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World: Canada Seen As 'Easy Mark' For Would-Be Refugees

Ottawa, 15 August 1997 (RFE/RL) - Canada may re-instate visa requirements for Czech citizens in an effort to stop a growing flood of Gypsies claiming refugee status when they enter the country.

Canada removed the requirement for a visa for Czech nationals in April of last year. Citizens of most other countries in Central and East Europe and the former Soviet Union are allowed into Canada without visas as well.

The current wave of would-be refugees came about as the result of a television program shown in the Czech Republic which depicted Canada as an easy place in which to obtain asylum, especially on the basis of racial discrimination.

The Czech national airline - CSA - confirms that it has sold three times as many tickets to Canada as normal since the program was broadcast last week and that flights from Prague to Toronto and Montreal are full until the end of October. British Airways also says that it is seeing a major increase in seats on flights from Prague to Canada.

A spokesman for the Czech Embassy in Ottawa, Nora Jurkovicova, says her government has taken "official steps to prevent discrimination and harassment" against the Gypsies but adds that "of course, there are always going to be individual acts of racism in any country."

The Canadian immigration official at the Embassy in Prague, Jacques Beaulne, said he was planning to meet with leaders of the Czech Gypsy community to try to correct the message conveyed in the program broadcast by Nova-TV.

The Canadian Embassy says it has been handling about 200 calls a day from Gypsies, many of them from the eastern Czech city of Ostrava. Beaulne says some of the callers believe - wrongly - that Canada has a special asylum program for Gypsies.

Canadian immigration officials in Vienna -- where Czech immigration applications are processed -- are on their way to Prague to clarify Canada's refugee policy.

Immigration spokesman Rene Mercier says there is little that officials in Canada can do to stop Czechs from entering the country because no visas are required. He says that, while there is public money for some refugee claimants waiting for their cases to be heard, each case is decided separately. The refugee claim process, he says, is "a very complicated administrative process and a lot of requirements have to be fulfilled."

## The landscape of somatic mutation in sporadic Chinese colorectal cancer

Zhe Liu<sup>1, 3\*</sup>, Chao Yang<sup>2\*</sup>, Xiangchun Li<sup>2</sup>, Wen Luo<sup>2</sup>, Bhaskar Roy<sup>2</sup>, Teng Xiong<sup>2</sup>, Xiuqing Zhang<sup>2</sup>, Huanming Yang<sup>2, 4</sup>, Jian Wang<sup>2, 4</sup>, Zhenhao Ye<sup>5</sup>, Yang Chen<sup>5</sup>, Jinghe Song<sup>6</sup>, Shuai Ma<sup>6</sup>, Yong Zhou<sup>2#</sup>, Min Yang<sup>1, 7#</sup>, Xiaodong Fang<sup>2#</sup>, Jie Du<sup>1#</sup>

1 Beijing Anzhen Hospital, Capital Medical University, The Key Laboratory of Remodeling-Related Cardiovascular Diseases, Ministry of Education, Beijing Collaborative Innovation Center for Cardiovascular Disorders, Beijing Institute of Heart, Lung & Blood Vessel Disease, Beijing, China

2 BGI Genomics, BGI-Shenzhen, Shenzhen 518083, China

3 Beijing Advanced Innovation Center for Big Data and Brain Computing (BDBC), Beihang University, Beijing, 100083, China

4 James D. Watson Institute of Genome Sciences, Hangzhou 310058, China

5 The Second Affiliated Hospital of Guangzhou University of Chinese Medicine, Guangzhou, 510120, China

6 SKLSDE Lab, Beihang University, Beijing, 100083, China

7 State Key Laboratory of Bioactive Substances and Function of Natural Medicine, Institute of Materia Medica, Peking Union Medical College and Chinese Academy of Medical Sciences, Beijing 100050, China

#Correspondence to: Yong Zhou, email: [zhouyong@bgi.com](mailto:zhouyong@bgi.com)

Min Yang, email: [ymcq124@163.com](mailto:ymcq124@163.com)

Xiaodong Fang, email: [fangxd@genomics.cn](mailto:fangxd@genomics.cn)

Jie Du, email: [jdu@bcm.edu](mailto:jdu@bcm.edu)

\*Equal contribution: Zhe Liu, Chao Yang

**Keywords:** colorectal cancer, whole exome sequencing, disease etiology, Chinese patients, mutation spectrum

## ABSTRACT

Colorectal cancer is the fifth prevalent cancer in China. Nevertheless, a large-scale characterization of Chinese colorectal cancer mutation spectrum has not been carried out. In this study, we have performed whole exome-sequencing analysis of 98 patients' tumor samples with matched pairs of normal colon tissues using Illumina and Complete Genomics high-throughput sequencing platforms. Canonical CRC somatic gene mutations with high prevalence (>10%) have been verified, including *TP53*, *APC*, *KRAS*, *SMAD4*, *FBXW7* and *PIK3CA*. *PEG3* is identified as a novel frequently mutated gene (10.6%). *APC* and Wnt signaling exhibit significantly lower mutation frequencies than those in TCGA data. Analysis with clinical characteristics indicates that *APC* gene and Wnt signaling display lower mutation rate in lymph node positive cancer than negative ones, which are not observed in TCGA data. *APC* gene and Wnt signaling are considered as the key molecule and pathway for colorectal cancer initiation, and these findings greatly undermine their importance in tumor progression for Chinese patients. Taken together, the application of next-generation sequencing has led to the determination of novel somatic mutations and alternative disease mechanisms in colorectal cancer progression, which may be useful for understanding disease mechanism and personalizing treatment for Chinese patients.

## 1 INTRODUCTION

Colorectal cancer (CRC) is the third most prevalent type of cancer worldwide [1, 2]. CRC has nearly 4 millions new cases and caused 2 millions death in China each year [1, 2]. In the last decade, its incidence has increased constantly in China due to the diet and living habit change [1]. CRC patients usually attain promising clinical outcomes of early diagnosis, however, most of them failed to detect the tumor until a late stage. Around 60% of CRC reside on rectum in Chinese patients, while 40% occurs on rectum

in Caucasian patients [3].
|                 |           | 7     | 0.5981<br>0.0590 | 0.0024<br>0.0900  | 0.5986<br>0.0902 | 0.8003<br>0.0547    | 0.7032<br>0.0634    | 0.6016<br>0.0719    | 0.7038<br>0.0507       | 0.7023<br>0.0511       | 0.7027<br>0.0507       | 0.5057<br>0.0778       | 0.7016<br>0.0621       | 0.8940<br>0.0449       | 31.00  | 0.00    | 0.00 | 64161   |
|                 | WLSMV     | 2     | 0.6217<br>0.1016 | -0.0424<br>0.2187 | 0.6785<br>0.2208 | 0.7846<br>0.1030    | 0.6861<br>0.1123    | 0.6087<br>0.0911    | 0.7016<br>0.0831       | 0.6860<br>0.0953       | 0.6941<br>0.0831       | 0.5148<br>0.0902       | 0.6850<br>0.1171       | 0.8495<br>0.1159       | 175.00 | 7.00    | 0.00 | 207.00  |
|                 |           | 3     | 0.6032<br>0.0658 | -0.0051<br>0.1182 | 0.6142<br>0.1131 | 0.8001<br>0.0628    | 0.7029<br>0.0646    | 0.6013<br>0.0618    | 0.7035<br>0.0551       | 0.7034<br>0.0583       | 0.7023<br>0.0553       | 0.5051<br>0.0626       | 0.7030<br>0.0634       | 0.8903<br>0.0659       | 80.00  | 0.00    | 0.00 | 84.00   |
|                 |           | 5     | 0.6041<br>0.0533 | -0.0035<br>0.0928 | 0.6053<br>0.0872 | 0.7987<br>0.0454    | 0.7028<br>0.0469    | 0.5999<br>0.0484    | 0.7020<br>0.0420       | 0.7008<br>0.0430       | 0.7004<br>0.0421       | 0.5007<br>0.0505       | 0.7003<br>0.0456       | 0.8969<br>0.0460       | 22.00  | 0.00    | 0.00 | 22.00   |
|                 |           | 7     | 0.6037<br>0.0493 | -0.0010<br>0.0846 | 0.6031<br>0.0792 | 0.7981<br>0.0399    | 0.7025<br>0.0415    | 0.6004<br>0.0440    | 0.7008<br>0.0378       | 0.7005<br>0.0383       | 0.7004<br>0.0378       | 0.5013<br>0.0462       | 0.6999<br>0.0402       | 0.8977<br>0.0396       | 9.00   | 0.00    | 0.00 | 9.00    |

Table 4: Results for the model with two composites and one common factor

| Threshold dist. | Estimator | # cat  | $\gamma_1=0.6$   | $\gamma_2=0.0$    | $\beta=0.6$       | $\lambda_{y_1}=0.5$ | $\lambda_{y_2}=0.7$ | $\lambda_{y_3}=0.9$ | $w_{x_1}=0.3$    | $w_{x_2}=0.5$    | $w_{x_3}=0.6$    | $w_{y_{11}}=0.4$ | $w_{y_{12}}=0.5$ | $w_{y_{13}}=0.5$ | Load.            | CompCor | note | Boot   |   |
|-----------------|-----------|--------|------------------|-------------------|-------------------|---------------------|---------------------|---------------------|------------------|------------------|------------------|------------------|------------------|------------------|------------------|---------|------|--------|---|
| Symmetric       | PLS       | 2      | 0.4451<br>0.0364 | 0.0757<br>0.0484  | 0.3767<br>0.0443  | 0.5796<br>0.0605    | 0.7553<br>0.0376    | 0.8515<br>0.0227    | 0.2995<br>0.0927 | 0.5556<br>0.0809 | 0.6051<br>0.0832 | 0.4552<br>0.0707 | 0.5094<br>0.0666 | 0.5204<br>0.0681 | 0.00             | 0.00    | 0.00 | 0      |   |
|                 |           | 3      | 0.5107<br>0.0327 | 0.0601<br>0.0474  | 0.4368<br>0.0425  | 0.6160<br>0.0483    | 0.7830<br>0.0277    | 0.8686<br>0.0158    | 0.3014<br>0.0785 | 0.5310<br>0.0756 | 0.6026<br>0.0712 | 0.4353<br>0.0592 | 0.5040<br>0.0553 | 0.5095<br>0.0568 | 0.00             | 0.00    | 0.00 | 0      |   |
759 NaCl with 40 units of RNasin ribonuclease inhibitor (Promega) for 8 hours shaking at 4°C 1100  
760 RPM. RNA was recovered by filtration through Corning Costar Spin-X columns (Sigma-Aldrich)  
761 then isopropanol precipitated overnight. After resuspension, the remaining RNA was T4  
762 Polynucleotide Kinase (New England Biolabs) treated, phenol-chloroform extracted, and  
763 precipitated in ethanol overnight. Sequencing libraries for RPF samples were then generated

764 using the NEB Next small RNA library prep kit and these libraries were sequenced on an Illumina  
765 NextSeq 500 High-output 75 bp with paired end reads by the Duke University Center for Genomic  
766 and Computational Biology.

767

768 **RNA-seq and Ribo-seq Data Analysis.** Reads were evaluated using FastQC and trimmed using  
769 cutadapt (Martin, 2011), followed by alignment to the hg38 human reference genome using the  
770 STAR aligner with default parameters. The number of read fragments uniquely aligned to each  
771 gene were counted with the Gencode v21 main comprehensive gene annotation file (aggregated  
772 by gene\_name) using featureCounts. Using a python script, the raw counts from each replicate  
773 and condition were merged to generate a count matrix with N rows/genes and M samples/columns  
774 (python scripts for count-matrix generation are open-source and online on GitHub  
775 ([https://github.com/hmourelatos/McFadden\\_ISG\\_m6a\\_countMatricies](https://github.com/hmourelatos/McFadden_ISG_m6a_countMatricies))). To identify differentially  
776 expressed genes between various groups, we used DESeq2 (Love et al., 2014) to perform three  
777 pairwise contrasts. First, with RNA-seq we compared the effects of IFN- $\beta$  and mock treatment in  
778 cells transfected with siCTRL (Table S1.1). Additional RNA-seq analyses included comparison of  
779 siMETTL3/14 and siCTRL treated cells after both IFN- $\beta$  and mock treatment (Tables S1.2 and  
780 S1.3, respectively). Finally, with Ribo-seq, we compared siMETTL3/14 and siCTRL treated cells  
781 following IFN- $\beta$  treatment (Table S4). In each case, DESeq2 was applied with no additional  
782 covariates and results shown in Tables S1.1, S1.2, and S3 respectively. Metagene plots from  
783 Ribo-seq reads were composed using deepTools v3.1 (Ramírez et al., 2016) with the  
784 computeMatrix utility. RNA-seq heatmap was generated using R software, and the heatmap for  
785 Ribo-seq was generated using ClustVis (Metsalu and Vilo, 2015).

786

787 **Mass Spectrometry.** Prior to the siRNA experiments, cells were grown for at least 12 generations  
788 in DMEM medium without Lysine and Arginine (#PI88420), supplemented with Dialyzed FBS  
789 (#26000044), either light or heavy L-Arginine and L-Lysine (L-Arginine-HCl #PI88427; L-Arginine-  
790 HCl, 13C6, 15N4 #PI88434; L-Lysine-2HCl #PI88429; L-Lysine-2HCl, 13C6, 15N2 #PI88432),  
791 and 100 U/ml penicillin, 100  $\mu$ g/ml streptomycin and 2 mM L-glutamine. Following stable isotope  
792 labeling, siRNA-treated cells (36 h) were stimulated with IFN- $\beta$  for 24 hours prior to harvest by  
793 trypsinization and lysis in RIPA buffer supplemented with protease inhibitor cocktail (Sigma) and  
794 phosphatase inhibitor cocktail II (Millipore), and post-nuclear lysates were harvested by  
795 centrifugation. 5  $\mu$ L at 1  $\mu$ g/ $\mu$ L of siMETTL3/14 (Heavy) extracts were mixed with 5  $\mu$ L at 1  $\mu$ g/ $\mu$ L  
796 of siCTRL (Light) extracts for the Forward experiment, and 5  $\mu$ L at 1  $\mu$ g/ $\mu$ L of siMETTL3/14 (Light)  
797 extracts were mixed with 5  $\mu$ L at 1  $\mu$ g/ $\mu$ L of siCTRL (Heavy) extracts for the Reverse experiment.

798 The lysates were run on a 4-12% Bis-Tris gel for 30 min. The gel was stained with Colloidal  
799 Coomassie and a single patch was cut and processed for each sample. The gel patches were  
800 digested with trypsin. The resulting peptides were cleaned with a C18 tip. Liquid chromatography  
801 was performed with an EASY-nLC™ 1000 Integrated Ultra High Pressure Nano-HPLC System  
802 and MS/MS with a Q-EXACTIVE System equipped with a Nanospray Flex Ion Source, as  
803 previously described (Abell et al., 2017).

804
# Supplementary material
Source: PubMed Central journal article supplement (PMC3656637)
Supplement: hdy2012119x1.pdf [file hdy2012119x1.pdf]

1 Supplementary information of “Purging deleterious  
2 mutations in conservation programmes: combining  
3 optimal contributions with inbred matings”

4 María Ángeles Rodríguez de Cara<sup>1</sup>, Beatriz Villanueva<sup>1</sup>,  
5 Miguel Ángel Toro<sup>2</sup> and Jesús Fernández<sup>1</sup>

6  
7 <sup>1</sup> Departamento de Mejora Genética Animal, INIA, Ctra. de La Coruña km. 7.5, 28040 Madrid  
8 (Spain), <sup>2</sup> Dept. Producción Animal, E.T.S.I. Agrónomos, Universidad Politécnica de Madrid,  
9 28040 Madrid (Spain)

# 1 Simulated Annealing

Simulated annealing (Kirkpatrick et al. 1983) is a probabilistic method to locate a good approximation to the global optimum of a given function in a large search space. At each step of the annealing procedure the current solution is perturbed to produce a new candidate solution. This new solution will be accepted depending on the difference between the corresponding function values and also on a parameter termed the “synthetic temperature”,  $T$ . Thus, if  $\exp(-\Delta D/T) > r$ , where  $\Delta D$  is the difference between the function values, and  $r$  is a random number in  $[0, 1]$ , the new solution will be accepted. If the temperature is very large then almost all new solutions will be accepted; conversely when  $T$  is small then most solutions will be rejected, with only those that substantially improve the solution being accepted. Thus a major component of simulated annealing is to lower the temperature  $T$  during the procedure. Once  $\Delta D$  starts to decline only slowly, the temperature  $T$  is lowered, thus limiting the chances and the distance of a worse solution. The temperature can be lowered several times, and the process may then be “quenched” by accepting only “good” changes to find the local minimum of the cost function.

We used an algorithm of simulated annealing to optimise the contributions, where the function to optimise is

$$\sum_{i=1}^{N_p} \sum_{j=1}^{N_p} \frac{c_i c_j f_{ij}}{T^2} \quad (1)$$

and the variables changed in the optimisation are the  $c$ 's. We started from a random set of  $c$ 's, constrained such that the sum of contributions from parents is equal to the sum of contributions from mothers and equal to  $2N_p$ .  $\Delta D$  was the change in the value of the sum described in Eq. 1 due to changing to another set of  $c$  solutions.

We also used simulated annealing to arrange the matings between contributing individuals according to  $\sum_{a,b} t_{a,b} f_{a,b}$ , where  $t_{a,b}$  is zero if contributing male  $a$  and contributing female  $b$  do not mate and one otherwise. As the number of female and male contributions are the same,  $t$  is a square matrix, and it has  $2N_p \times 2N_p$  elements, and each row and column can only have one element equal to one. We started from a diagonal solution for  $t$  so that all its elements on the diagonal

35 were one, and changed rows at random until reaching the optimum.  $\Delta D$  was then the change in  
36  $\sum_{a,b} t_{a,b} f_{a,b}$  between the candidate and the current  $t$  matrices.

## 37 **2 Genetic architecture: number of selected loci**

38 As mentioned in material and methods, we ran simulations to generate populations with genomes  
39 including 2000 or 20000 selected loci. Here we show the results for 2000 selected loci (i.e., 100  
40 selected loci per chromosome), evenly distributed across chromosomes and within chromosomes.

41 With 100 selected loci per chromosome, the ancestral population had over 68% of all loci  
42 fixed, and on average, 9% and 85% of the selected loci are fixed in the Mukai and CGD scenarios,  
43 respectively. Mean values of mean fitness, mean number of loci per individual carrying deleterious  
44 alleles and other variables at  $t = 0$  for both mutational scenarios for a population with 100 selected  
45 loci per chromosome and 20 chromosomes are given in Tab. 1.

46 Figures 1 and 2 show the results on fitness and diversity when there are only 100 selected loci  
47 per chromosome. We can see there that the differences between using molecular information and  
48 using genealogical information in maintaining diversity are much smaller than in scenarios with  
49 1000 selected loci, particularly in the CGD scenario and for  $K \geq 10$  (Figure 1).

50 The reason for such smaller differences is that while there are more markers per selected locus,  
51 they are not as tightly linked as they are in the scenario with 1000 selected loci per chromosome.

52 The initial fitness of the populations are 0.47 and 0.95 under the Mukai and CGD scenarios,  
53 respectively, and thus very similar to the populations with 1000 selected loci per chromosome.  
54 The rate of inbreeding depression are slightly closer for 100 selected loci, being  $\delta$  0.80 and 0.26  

Foreign Affairs Department spokesman Valerie Loftle says Canada is considering the re-imposition of visa requirements to stem the tide. She says it is not an option that Canada likes but "it is always an option."

Last year, 189 Czech citizens sought refugee status in Canada. Only three were approved. The rest of the cases are either still pending or the claims were rejected. In the first six months alone of this year, there have been 302 refugee applications. So far, eight have been approved and 38 have been rejected or the applications have been withdrawn. The rest of the cases are still to be decided.

Vera Rooller, editor of a Toronto-based Czech and Slovak-language newspaper Novy Domov -- or New Homeland -- says she doubts Canada will grant refugee status to many of the Gypsies "because of the Czech Republic's good human rights record. Probably, Canada will agree to help a few of them but not all of them. Besides, the Romas would probably not fit in with the Canadian Czech community because of cultural differences."

The Canadian government estimates that there are between 40,000 and 50,000 ethnic Czechs in the country, most of them living in Montreal, Toronto or Vancouver. A number of Gypsies have been granted asylum in Canada. Just before Christmas last year, a group of 43 people had their applications accepted and they settled in the west coast Canadian city of Vancouver. Since then, there have been a number of reported incidents of harassing telephone calls, children have been kicked or beaten and several Gypsy adults have been attacked.

Canada has long been considered an easy place to obtain refugee status. During the Cold War, people from Communist countries were given automatic asylum if they were able to make it to Canada. The usual route was to book a flight to Cuba or somewhere else in the Americas serviced by Aeroflot or another national airline in the region because the planes stopped in Gander, Newfoundland -- on Canada's east coast -- to refuel.

Once the plane was on the ground, people often claimed refugee status and were processed immediately. That program was discontinued in 1990 and now citizens of those countries have to apply as regular immigrants.

Mercier says that what is happening now is that when Canada lifts visa requirements on a country there "can sometimes be a large increase in the number of refugee claimants because they can enter Canada easily as tourists."

The most recent example, he says, was in 1995 when Canada lifted visa requirements for Chile. Thousands of Chileans arrived seeking asylum. Canada now requires visas from Chilean citizens.

Canada is an attractive destination for many reasons. The country is perceived to be free of racial discrimination. The refugee laws have been quite generous and there are large ethnic communities in Canada. Also, because it neighbors on the United States, refugees who are accepted in Canada find it easier to eventually move to the U.S.

In the television documentary broadcast in the Czech Republic, a Toronto immigration lawyer who speaks Czech and Slovak was interviewed. George Kubas was followed by the television crew and asked about how Gypsies can seek refugee status. In the program, he said he has seen a marked increase in the number of Gypsies seeking asylum in Canada. He says he represents about 40 families claiming refugee status and that, so far, 10 other Gypsy client families have been successful.